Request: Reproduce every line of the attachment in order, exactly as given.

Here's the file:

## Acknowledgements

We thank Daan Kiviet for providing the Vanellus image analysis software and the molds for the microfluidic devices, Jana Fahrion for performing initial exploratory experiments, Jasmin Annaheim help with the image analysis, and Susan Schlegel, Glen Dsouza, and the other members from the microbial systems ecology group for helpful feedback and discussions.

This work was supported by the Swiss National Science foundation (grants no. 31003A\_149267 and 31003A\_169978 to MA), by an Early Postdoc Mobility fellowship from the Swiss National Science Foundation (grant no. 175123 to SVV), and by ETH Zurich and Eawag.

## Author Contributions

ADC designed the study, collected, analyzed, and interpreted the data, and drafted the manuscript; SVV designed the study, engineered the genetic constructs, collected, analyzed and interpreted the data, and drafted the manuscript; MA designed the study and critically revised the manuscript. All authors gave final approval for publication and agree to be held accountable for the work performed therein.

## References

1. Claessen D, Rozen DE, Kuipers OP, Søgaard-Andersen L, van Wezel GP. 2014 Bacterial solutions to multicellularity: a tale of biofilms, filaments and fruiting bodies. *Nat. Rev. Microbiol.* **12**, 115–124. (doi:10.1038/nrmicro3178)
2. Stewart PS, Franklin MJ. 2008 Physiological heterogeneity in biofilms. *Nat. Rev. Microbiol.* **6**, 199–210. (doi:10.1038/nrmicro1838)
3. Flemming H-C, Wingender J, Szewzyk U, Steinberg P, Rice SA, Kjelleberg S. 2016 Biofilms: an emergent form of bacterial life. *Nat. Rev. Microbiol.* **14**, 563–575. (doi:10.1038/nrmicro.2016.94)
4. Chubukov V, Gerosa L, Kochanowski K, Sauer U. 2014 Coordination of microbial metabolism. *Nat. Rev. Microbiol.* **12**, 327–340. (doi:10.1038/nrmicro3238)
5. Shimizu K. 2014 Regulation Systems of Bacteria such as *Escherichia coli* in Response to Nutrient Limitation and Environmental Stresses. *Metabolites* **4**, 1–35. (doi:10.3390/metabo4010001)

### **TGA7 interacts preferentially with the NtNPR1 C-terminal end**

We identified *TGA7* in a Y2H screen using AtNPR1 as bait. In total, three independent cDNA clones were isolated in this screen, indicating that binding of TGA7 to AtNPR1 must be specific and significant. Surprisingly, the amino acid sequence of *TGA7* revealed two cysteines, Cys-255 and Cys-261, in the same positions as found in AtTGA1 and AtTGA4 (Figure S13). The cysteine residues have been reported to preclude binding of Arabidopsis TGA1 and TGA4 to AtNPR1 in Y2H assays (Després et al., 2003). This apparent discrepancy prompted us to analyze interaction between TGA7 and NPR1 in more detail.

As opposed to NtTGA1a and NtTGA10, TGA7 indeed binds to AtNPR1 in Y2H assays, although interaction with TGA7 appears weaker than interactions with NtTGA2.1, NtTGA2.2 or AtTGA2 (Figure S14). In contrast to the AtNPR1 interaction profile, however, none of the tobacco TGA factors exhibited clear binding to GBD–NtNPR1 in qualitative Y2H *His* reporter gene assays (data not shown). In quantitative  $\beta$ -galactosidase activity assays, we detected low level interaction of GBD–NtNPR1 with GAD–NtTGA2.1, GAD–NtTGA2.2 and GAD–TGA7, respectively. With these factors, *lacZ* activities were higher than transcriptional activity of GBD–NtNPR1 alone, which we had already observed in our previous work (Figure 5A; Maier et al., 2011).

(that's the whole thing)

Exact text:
## Acknowledgements

We thank Daan Kiviet for providing the Vanellus image analysis software and the molds for the microfluidic devices, Jana Fahrion for performing initial exploratory experiments, Jasmin Annaheim help with the image analysis, and Susan Schlegel, Glen Dsouza, and the other members from the microbial systems ecology group for helpful feedback and discussions.

This work was supported by the Swiss National Science foundation (grants no. 31003A\_149267 and 31003A\_169978 to MA), by an Early Postdoc Mobility fellowship from the Swiss National Science Foundation (grant no. 175123 to SVV), and by ETH Zurich and Eawag.

## Author Contributions

ADC designed the study, collected, analyzed, and interpreted the data, and drafted the manuscript; SVV designed the study, engineered the genetic constructs, collected, analyzed and interpreted the data, and drafted the manuscript; MA designed the study and critically revised the manuscript. All authors gave final approval for publication and agree to be held accountable for the work performed therein.

## References

1. Claessen D, Rozen DE, Kuipers OP, Søgaard-Andersen L, van Wezel GP. 2014 Bacterial solutions to multicellularity: a tale of biofilms, filaments and fruiting bodies. *Nat. Rev. Microbiol.* **12**, 115–124. (doi:10.1038/nrmicro3178)
2. Stewart PS, Franklin MJ. 2008 Physiological heterogeneity in biofilms. *Nat. Rev. Microbiol.* **6**, 199–210. (doi:10.1038/nrmicro1838)
3. Flemming H-C, Wingender J, Szewzyk U, Steinberg P, Rice SA, Kjelleberg S. 2016 Biofilms: an emergent form of bacterial life. *Nat. Rev. Microbiol.* **14**, 563–575. (doi:10.1038/nrmicro.2016.94)
4. Chubukov V, Gerosa L, Kochanowski K, Sauer U. 2014 Coordination of microbial metabolism. *Nat. Rev. Microbiol.* **12**, 327–340. (doi:10.1038/nrmicro3238)
5. Shimizu K. 2014 Regulation Systems of Bacteria such as *Escherichia coli* in Response to Nutrient Limitation and Environmental Stresses. *Metabolites* **4**, 1–35. (doi:10.3390/metabo4010001)

### **TGA7 interacts preferentially with the NtNPR1 C-terminal end**

We identified *TGA7* in a Y2H screen using AtNPR1 as bait. In total, three independent cDNA clones were isolated in this screen, indicating that binding of TGA7 to AtNPR1 must be specific and significant. Surprisingly, the amino acid sequence of *TGA7* revealed two cysteines, Cys-255 and Cys-261, in the same positions as found in AtTGA1 and AtTGA4 (Figure S13). The cysteine residues have been reported to preclude binding of Arabidopsis TGA1 and TGA4 to AtNPR1 in Y2H assays (Després et al., 2003). This apparent discrepancy prompted us to analyze interaction between TGA7 and NPR1 in more detail.

As opposed to NtTGA1a and NtTGA10, TGA7 indeed binds to AtNPR1 in Y2H assays, although interaction with TGA7 appears weaker than interactions with NtTGA2.1, NtTGA2.2 or AtTGA2 (Figure S14). In contrast to the AtNPR1 interaction profile, however, none of the tobacco TGA factors exhibited clear binding to GBD–NtNPR1 in qualitative Y2H *His* reporter gene assays (data not shown). In quantitative  $\beta$ -galactosidase activity assays, we detected low level interaction of GBD–NtNPR1 with GAD–NtTGA2.1, GAD–NtTGA2.2 and GAD–TGA7, respectively. With these factors, *lacZ* activities were higher than transcriptional activity of GBD–NtNPR1 alone, which we had already observed in our previous work (Figure 5A; Maier et al., 2011).